Somewhat lost in the hubbub over the various festivals and events happening these past few days was a press release posted on Oregon State University's website. The release announced that the papers of the late Fred Eckhardt have been acquired by OSU's Hops and Brewing Archives.
The papers apparently document Mr. Eckhardt's travels from the 1970s through the 1990s, the period in which he established himself as the dean of American beer writers. He spent considerable time visiting brewers and publishing his thoughts in articles and in several notable books. It isn't a stretch to say he pushed brewers to be more aggressively creative than they might otherwise have been.
Adding Eckhardt's papers to the Hops and Brewing Archives means they will be available to researchers studying the formative years of the craft beer movement. This is significant because, as I discovered while researching Portland Beer, the early breweries did a poor job of recording their histories. It's hard to blame them. They didn't know what was going to happen.
The papers of Fred Eckhardt will surely provide insight into what was going on behind the scenes in the early craft breweries. Hopefully, his gift will encourage others who have studied this history to share their materials. The materials I assembled while researching my book, including interviews, photos, news clippings and more, already live in the OSU Archives.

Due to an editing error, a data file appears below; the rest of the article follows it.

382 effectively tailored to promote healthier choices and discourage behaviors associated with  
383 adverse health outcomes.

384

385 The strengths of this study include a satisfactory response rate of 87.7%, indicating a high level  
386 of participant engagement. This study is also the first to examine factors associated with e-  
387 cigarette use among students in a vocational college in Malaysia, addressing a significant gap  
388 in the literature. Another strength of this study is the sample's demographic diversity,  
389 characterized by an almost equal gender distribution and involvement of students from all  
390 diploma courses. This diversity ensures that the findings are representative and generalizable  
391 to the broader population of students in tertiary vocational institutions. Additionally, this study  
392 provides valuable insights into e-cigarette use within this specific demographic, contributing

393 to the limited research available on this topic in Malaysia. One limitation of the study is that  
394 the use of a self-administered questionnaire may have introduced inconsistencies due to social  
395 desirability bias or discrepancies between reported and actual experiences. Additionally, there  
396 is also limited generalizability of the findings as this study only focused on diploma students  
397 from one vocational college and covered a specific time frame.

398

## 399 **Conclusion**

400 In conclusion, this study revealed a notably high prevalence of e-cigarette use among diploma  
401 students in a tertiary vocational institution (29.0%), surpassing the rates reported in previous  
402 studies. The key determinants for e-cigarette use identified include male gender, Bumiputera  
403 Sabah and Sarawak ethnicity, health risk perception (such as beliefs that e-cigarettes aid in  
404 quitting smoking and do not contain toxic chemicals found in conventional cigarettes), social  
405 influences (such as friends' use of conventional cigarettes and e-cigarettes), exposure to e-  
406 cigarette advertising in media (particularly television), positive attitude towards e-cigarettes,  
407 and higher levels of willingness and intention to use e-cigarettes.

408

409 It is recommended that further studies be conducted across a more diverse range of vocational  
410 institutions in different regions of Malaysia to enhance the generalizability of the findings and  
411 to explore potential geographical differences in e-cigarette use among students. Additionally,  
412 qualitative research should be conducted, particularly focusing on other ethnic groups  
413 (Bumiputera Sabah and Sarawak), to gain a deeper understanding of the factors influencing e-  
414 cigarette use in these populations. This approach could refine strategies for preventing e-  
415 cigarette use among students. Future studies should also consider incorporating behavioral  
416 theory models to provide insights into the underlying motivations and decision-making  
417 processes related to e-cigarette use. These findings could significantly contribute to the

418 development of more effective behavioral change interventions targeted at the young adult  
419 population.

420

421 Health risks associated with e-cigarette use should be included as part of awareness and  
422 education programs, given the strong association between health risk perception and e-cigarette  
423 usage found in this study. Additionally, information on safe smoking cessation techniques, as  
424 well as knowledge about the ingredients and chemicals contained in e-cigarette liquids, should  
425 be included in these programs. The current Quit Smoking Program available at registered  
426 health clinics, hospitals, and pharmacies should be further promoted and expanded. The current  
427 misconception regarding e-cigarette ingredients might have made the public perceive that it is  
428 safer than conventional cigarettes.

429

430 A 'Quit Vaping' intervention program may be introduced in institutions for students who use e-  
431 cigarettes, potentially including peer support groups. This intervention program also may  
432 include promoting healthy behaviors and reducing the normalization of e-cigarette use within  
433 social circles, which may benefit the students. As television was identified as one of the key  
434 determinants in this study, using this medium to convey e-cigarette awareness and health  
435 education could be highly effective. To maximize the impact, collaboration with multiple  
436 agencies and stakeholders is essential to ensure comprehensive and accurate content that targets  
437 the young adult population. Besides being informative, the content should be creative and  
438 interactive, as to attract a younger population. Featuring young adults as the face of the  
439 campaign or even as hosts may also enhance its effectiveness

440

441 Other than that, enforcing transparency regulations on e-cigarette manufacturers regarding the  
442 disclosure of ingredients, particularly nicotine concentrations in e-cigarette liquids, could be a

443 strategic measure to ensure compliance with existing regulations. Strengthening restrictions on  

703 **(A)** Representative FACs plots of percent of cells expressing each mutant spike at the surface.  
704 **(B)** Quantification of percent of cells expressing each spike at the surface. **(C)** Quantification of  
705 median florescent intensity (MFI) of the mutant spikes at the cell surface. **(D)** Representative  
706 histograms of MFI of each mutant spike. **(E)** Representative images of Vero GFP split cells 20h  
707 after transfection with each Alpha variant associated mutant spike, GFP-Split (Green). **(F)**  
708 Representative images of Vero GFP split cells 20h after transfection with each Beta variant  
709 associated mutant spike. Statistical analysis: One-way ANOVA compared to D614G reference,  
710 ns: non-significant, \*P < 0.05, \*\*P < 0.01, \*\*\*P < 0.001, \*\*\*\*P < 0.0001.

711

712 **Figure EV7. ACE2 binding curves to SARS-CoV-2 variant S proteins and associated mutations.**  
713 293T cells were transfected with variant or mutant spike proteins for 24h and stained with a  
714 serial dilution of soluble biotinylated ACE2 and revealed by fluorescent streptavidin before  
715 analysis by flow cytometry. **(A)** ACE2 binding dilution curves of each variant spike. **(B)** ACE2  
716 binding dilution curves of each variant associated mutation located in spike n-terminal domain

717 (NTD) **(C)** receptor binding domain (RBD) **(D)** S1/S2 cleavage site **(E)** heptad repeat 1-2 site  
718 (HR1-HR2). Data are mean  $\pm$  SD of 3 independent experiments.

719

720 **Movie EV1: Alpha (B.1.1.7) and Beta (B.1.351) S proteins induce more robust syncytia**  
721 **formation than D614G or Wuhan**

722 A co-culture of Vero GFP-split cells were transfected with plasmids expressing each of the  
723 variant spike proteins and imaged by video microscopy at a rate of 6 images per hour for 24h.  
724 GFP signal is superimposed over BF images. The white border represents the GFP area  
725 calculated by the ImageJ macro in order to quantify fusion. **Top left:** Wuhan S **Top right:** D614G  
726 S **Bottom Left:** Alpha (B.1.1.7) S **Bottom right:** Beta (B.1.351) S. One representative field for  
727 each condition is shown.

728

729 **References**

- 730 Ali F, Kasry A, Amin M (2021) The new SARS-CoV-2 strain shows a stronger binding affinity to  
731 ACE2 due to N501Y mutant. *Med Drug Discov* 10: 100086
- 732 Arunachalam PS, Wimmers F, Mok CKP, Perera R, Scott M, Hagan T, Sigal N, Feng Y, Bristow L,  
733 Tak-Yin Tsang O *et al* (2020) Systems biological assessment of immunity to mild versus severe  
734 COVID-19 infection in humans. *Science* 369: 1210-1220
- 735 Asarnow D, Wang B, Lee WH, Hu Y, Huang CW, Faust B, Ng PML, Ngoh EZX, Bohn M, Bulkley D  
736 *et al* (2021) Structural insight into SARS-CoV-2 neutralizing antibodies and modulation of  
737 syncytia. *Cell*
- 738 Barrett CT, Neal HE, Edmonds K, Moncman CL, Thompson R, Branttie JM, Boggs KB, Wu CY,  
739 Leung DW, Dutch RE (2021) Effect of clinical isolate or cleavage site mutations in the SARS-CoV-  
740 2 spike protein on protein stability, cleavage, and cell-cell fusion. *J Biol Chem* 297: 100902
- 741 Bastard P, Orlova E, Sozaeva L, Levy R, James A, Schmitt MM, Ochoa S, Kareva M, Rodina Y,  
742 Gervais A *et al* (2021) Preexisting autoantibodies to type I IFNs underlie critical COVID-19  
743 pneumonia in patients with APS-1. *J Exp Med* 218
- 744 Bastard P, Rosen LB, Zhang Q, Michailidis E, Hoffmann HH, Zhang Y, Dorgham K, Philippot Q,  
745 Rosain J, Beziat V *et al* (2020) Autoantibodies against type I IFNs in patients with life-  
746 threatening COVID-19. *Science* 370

For the unknowing, the Hops and Brewing Archives were established in 2013. It's mission is to preserve the history of hops growing and craft beer. This is apparently the first archive of its kind in the country. That make sense, I guess, given the proximity to hops growing and great beer.
There's more information on the Hops and Brewing Archives website here. Besides research materials, they are actively collecting items connected to early breweries...things like labels, signage, promotional items, etc. These folks are doing great work and deserve whatever help we, as writers, authors, brewers, etc., can give them.